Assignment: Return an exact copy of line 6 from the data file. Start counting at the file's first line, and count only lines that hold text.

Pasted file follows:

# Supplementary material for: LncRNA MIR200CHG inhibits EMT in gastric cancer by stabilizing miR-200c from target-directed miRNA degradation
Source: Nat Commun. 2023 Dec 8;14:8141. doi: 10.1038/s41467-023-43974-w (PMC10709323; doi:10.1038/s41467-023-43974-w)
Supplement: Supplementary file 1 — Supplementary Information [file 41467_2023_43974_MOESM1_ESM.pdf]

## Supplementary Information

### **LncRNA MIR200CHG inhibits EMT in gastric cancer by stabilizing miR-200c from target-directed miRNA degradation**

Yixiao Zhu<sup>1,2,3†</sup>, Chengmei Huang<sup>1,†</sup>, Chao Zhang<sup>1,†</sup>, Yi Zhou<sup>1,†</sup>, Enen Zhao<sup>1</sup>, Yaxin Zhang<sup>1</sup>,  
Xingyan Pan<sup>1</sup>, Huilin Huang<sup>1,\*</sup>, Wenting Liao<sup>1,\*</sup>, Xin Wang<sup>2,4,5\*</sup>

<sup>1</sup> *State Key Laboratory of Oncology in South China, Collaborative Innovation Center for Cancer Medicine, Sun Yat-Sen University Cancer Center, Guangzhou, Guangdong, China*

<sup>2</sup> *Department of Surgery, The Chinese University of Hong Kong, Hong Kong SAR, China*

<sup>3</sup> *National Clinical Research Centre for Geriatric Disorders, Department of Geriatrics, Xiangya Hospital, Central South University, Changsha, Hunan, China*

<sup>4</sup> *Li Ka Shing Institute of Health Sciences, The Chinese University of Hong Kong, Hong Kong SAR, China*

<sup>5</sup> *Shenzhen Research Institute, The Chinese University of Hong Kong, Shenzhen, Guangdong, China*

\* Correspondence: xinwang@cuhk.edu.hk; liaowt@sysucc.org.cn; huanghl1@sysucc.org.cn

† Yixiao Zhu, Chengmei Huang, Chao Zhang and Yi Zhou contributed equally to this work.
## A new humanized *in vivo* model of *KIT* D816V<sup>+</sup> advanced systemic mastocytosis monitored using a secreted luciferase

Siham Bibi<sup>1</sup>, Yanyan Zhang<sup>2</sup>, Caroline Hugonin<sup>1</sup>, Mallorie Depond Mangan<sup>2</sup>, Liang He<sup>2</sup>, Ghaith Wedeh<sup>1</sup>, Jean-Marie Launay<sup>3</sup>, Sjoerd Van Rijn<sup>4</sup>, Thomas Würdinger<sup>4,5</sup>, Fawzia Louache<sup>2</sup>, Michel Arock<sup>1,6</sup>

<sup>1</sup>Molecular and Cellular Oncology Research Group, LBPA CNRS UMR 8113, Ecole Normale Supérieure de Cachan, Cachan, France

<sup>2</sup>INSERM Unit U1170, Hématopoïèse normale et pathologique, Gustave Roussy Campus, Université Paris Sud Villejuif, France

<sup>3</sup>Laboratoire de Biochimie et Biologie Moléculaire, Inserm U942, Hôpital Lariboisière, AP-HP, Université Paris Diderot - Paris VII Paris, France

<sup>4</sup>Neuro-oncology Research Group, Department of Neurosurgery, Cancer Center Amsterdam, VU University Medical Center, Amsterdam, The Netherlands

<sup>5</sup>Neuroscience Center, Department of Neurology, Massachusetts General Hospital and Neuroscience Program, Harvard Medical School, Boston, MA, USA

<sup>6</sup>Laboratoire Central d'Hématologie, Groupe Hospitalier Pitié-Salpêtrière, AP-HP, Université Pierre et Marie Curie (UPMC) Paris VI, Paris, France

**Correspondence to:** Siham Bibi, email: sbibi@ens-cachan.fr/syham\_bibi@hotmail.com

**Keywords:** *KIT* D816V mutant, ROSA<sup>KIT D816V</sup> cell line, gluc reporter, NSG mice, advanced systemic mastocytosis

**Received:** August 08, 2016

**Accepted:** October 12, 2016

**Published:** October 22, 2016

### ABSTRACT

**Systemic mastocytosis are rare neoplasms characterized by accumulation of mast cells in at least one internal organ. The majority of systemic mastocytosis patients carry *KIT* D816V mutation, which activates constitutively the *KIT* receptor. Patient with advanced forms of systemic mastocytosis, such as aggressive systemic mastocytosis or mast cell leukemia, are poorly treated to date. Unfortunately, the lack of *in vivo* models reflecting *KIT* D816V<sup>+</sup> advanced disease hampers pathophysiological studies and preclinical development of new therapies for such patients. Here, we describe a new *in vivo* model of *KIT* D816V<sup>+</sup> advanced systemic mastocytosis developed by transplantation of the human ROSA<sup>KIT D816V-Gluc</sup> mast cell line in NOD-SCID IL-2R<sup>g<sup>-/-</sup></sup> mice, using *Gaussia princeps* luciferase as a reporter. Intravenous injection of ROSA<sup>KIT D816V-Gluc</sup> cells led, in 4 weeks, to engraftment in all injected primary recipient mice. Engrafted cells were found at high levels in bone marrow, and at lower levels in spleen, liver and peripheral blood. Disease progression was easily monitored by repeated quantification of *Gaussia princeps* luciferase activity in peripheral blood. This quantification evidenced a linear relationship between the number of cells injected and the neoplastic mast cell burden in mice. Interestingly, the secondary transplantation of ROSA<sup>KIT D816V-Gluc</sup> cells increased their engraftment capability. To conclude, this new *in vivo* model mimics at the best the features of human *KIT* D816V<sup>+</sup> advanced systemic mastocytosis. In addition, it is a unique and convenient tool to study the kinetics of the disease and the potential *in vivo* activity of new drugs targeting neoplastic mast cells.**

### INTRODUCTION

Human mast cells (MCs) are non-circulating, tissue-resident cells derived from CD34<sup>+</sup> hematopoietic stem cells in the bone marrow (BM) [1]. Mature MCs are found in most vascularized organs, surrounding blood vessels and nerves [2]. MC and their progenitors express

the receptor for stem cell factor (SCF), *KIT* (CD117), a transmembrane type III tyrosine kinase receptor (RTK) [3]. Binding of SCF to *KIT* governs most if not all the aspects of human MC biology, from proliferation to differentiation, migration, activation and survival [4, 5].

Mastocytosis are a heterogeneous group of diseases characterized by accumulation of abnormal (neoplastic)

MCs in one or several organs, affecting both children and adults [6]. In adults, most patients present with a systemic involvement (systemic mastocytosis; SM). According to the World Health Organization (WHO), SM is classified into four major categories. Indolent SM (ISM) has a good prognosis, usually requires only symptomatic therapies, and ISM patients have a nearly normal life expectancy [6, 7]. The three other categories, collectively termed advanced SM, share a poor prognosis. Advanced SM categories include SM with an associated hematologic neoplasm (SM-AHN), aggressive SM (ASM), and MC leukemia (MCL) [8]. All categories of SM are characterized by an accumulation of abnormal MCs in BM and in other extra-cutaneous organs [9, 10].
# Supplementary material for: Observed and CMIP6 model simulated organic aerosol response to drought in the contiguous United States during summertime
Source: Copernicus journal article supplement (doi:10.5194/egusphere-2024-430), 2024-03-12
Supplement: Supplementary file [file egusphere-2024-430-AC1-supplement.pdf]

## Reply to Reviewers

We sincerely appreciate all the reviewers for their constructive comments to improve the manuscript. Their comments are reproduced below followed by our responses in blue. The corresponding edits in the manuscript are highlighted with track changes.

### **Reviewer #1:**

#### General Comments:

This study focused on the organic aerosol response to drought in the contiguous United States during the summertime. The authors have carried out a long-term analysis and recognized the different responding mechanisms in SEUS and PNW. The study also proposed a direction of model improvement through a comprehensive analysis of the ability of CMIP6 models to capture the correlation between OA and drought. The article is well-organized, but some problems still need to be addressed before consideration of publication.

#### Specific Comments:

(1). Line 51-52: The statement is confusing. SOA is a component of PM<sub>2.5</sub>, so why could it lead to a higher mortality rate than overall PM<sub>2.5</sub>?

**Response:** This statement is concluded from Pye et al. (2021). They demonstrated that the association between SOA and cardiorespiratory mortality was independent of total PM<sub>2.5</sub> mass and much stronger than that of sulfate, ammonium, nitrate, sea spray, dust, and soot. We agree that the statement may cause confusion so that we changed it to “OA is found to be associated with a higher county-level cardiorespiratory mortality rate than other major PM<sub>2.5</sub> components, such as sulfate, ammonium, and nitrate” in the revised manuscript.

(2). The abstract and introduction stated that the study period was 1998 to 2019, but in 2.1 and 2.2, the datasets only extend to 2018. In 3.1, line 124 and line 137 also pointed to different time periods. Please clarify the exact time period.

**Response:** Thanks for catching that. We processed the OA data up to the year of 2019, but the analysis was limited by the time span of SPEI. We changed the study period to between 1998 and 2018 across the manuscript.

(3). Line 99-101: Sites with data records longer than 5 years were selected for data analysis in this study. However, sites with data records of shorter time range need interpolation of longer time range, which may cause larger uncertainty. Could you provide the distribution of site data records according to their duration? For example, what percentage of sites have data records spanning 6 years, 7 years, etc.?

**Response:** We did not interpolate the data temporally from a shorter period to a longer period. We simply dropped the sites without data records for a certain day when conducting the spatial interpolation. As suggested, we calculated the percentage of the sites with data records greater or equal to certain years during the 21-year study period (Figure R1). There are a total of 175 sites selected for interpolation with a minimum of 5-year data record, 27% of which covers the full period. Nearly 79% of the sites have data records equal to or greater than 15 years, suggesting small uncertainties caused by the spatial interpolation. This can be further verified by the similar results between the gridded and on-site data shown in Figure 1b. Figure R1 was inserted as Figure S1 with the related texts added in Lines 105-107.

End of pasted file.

Yixiao Zhu<sup>1,2,3†</sup>, Chengmei Huang<sup>1,†</sup>, Chao Zhang<sup>1,†</sup>, Yi Zhou<sup>1,†</sup>, Enen Zhao<sup>1</sup>, Yaxin Zhang<sup>1</sup>,  